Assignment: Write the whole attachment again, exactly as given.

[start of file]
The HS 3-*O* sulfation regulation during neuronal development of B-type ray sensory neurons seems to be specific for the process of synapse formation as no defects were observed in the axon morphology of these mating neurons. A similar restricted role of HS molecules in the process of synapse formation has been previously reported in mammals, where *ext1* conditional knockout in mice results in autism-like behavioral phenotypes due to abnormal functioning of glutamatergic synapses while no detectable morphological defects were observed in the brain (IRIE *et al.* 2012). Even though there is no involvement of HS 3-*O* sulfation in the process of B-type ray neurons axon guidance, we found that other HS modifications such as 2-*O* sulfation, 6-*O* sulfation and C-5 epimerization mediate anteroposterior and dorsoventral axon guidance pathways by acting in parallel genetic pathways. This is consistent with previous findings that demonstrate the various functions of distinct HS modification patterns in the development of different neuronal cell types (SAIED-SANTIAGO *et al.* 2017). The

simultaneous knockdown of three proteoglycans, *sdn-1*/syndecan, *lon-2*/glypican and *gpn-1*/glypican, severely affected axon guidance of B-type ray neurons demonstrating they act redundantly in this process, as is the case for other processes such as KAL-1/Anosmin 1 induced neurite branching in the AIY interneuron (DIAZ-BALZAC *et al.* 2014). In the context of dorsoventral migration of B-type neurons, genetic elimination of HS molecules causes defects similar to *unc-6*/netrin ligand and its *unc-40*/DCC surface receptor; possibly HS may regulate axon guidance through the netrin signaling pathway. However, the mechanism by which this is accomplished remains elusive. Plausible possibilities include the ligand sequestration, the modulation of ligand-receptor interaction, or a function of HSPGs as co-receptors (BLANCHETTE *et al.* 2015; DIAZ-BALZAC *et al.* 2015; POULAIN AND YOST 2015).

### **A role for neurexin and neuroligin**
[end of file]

The HS 3-*O* sulfation regulation during neuronal development of B-type ray sensory neurons seems to be specific for the process of synapse formation as no defects were observed in the axon morphology of these mating neurons. A similar restricted role of HS molecules in the process of synapse formation has been previously reported in mammals, where *ext1* conditional knockout in mice results in autism-like behavioral phenotypes due to abnormal functioning of glutamatergic synapses while no detectable morphological defects were observed in the brain (IRIE *et al.* 2012). Even though there is no involvement of HS 3-*O* sulfation in the process of B-type ray neurons axon guidance, we found that other HS modifications such as 2-*O* sulfation, 6-*O* sulfation and C-5 epimerization mediate anteroposterior and dorsoventral axon guidance pathways by acting in parallel genetic pathways. This is consistent with previous findings that demonstrate the various functions of distinct HS modification patterns in the development of different neuronal cell types (SAIED-SANTIAGO *et al.* 2017). The

simultaneous knockdown of three proteoglycans, *sdn-1*/syndecan, *lon-2*/glypican and *gpn-1*/glypican, severely affected axon guidance of B-type ray neurons demonstrating they act redundantly in this process, as is the case for other processes such as KAL-1/Anosmin 1 induced neurite branching in the AIY interneuron (DIAZ-BALZAC *et al.* 2014). In the context of dorsoventral migration of B-type neurons, genetic elimination of HS molecules causes defects similar to *unc-6*/netrin ligand and its *unc-40*/DCC surface receptor; possibly HS may regulate axon guidance through the netrin signaling pathway. However, the mechanism by which this is accomplished remains elusive. Plausible possibilities include the ligand sequestration, the modulation of ligand-receptor interaction, or a function of HSPGs as co-receptors (BLANCHETTE *et al.* 2015; DIAZ-BALZAC *et al.* 2015; POULAIN AND YOST 2015).

### **A role for neurexin and neuroligin**